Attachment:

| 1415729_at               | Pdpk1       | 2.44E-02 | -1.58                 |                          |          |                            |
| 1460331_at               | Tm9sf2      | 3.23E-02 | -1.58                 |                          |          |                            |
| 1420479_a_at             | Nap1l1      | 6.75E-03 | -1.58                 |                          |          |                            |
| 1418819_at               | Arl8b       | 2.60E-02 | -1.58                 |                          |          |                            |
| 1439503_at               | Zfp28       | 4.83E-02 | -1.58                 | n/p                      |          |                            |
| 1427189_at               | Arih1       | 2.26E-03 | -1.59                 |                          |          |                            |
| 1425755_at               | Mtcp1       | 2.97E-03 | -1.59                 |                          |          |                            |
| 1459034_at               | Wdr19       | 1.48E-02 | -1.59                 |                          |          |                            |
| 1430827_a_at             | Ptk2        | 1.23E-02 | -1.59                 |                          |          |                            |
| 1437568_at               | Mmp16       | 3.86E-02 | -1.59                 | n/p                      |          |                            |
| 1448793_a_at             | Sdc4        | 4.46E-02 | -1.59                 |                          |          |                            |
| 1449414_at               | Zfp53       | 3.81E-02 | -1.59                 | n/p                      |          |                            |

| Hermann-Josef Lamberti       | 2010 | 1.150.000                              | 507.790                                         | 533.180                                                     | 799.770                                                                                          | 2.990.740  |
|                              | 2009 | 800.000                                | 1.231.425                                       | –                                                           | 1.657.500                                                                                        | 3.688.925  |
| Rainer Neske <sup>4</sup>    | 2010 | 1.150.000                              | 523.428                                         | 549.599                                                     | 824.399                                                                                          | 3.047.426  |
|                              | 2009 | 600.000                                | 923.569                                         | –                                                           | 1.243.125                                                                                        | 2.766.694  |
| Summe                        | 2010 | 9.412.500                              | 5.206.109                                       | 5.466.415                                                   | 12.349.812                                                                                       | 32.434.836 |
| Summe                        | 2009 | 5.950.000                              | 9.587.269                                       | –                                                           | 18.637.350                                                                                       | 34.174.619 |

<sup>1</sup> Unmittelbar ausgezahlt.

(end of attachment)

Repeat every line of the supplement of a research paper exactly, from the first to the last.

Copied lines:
| 1415729_at               | Pdpk1       | 2.44E-02 | -1.58                 |                          |          |                            |
| 1460331_at               | Tm9sf2      | 3.23E-02 | -1.58                 |                          |          |                            |
| 1420479_a_at             | Nap1l1      | 6.75E-03 | -1.58                 |                          |          |                            |
| 1418819_at               | Arl8b       | 2.60E-02 | -1.58                 |                          |          |                            |
| 1439503_at               | Zfp28       | 4.83E-02 | -1.58                 | n/p                      |          |                            |
| 1427189_at               | Arih1       | 2.26E-03 | -1.59                 |                          |          |                            |
| 1425755_at               | Mtcp1       | 2.97E-03 | -1.59                 |                          |          |                            |
| 1459034_at               | Wdr19       | 1.48E-02 | -1.59                 |                          |          |                            |
| 1430827_a_at             | Ptk2        | 1.23E-02 | -1.59                 |                          |          |                            |
| 1437568_at               | Mmp16       | 3.86E-02 | -1.59                 | n/p                      |          |                            |
| 1448793_a_at             | Sdc4        | 4.46E-02 | -1.59                 |                          |          |                            |
| 1449414_at               | Zfp53       | 3.81E-02 | -1.59                 | n/p                      |          |                            |

| Hermann-Josef Lamberti       | 2010 | 1.150.000                              | 507.790                                         | 533.180                                                     | 799.770                                                                                          | 2.990.740  |
|                              | 2009 | 800.000                                | 1.231.425                                       | –                                                           | 1.657.500                                                                                        | 3.688.925  |
| Rainer Neske <sup>4</sup>    | 2010 | 1.150.000                              | 523.428                                         | 549.599                                                     | 824.399                                                                                          | 3.047.426  |
|                              | 2009 | 600.000                                | 923.569                                         | –                                                           | 1.243.125                                                                                        | 2.766.694  |
| Summe                        | 2010 | 9.412.500                              | 5.206.109                                       | 5.466.415                                                   | 12.349.812                                                                                       | 32.434.836 |
| Summe                        | 2009 | 5.950.000                              | 9.587.269                                       | –                                                           | 18.637.350                                                                                       | 34.174.619 |

<sup>1</sup> Unmittelbar ausgezahlt.